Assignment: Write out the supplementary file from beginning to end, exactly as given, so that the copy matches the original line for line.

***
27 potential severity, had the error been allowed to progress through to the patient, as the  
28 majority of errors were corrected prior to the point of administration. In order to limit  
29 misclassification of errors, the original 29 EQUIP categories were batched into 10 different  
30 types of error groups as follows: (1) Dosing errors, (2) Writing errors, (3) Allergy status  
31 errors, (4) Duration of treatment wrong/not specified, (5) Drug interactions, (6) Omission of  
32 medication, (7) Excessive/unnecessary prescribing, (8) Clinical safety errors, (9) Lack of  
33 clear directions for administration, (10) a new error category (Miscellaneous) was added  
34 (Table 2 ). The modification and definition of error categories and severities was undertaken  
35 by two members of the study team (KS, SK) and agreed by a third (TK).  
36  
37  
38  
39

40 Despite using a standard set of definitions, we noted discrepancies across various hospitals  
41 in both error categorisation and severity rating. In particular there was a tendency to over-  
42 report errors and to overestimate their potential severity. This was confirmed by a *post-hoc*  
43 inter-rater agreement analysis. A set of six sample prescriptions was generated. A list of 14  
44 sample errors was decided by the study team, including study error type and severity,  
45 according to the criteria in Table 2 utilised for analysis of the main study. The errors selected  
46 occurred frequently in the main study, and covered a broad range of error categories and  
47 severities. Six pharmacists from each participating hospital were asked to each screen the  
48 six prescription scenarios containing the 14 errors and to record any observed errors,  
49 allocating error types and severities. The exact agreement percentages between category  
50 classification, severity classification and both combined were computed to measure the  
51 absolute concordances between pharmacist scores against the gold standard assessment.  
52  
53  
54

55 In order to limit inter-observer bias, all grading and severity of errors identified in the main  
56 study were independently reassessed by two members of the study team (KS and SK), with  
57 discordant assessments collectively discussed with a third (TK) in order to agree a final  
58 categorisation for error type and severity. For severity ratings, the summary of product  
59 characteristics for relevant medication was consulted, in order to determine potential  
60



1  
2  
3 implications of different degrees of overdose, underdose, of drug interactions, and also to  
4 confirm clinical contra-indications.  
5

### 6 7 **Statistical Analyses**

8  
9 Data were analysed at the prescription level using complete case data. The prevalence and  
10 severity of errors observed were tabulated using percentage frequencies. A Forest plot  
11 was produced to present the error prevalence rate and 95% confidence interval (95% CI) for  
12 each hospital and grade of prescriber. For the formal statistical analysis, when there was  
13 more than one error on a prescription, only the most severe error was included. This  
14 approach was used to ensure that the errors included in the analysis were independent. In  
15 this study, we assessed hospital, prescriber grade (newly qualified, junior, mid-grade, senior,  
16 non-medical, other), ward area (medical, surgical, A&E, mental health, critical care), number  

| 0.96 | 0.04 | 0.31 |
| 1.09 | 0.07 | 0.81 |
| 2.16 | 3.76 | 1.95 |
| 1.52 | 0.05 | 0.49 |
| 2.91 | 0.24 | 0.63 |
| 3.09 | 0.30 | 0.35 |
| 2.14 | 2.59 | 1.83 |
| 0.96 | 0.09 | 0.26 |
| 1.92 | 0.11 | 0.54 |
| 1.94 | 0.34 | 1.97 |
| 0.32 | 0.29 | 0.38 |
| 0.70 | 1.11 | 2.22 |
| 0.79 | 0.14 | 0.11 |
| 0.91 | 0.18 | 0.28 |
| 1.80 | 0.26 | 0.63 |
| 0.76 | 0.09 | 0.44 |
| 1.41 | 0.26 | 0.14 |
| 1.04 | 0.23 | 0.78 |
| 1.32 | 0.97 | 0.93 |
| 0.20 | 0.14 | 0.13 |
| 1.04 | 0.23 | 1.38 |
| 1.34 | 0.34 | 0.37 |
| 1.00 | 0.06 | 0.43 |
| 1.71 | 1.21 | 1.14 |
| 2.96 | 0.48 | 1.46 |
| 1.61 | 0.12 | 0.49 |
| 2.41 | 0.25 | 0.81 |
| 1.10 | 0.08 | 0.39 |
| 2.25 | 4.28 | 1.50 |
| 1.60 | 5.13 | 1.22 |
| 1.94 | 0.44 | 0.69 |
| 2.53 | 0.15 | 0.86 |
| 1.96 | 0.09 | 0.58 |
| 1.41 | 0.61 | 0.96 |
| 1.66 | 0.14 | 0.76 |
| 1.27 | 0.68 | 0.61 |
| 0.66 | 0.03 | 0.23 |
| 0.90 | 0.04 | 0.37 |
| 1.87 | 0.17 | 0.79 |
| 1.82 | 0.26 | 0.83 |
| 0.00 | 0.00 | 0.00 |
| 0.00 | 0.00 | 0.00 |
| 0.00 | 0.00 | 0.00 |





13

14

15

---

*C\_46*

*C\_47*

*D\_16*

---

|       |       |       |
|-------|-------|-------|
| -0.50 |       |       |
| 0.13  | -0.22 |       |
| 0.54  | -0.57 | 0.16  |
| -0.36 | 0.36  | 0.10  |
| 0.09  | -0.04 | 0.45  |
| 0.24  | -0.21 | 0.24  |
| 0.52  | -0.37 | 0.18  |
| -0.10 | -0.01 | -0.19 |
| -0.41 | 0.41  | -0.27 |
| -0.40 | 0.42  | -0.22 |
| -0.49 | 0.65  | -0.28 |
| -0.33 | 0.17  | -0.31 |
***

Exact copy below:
27 potential severity, had the error been allowed to progress through to the patient, as the  
28 majority of errors were corrected prior to the point of administration. In order to limit  
29 misclassification of errors, the original 29 EQUIP categories were batched into 10 different  
30 types of error groups as follows: (1) Dosing errors, (2) Writing errors, (3) Allergy status  
31 errors, (4) Duration of treatment wrong/not specified, (5) Drug interactions, (6) Omission of  
32 medication, (7) Excessive/unnecessary prescribing, (8) Clinical safety errors, (9) Lack of  
33 clear directions for administration, (10) a new error category (Miscellaneous) was added  
34 (Table 2 ). The modification and definition of error categories and severities was undertaken  
35 by two members of the study team (KS, SK) and agreed by a third (TK).  
36  
37  
38  
39

40 Despite using a standard set of definitions, we noted discrepancies across various hospitals  
41 in both error categorisation and severity rating. In particular there was a tendency to over-  
42 report errors and to overestimate their potential severity. This was confirmed by a *post-hoc*  
43 inter-rater agreement analysis. A set of six sample prescriptions was generated. A list of 14  
44 sample errors was decided by the study team, including study error type and severity,  
45 according to the criteria in Table 2 utilised for analysis of the main study. The errors selected  
46 occurred frequently in the main study, and covered a broad range of error categories and  
47 severities. Six pharmacists from each participating hospital were asked to each screen the  
48 six prescription scenarios containing the 14 errors and to record any observed errors,  
49 allocating error types and severities. The exact agreement percentages between category  
50 classification, severity classification and both combined were computed to measure the  
51 absolute concordances between pharmacist scores against the gold standard assessment.  
52  
53  
54

55 In order to limit inter-observer bias, all grading and severity of errors identified in the main  
56 study were independently reassessed by two members of the study team (KS and SK), with  
57 discordant assessments collectively discussed with a third (TK) in order to agree a final  
58 categorisation for error type and severity. For severity ratings, the summary of product  
59 characteristics for relevant medication was consulted, in order to determine potential  
60



1  
2  
3 implications of different degrees of overdose, underdose, of drug interactions, and also to  
4 confirm clinical contra-indications.  
5

### 6 7 **Statistical Analyses**

8  
9 Data were analysed at the prescription level using complete case data. The prevalence and  
10 severity of errors observed were tabulated using percentage frequencies. A Forest plot  
11 was produced to present the error prevalence rate and 95% confidence interval (95% CI) for  
12 each hospital and grade of prescriber. For the formal statistical analysis, when there was  
13 more than one error on a prescription, only the most severe error was included. This  
14 approach was used to ensure that the errors included in the analysis were independent. In  
15 this study, we assessed hospital, prescriber grade (newly qualified, junior, mid-grade, senior,  
16 non-medical, other), ward area (medical, surgical, A&E, mental health, critical care), number  

| 0.96 | 0.04 | 0.31 |
| 1.09 | 0.07 | 0.81 |
| 2.16 | 3.76 | 1.95 |
| 1.52 | 0.05 | 0.49 |
| 2.91 | 0.24 | 0.63 |
| 3.09 | 0.30 | 0.35 |
| 2.14 | 2.59 | 1.83 |
| 0.96 | 0.09 | 0.26 |
| 1.92 | 0.11 | 0.54 |
| 1.94 | 0.34 | 1.97 |
| 0.32 | 0.29 | 0.38 |
| 0.70 | 1.11 | 2.22 |
| 0.79 | 0.14 | 0.11 |
| 0.91 | 0.18 | 0.28 |
| 1.80 | 0.26 | 0.63 |
| 0.76 | 0.09 | 0.44 |
| 1.41 | 0.26 | 0.14 |
| 1.04 | 0.23 | 0.78 |
| 1.32 | 0.97 | 0.93 |
| 0.20 | 0.14 | 0.13 |
| 1.04 | 0.23 | 1.38 |
| 1.34 | 0.34 | 0.37 |
| 1.00 | 0.06 | 0.43 |
| 1.71 | 1.21 | 1.14 |
| 2.96 | 0.48 | 1.46 |
| 1.61 | 0.12 | 0.49 |
| 2.41 | 0.25 | 0.81 |
| 1.10 | 0.08 | 0.39 |
| 2.25 | 4.28 | 1.50 |
| 1.60 | 5.13 | 1.22 |
| 1.94 | 0.44 | 0.69 |
| 2.53 | 0.15 | 0.86 |
| 1.96 | 0.09 | 0.58 |
| 1.41 | 0.61 | 0.96 |
| 1.66 | 0.14 | 0.76 |
| 1.27 | 0.68 | 0.61 |
| 0.66 | 0.03 | 0.23 |
| 0.90 | 0.04 | 0.37 |
| 1.87 | 0.17 | 0.79 |
| 1.82 | 0.26 | 0.83 |
| 0.00 | 0.00 | 0.00 |
| 0.00 | 0.00 | 0.00 |
| 0.00 | 0.00 | 0.00 |





13

14

15

---

*C\_46*

*C\_47*

*D\_16*

---

|       |       |       |
|-------|-------|-------|
| -0.50 |       |       |
| 0.13  | -0.22 |       |
| 0.54  | -0.57 | 0.16  |
| -0.36 | 0.36  | 0.10  |
| 0.09  | -0.04 | 0.45  |
| 0.24  | -0.21 | 0.24  |
| 0.52  | -0.37 | 0.18  |
| -0.10 | -0.01 | -0.19 |
| -0.41 | 0.41  | -0.27 |
| -0.40 | 0.42  | -0.22 |
| -0.49 | 0.65  | -0.28 |
| -0.33 | 0.17  | -0.31 |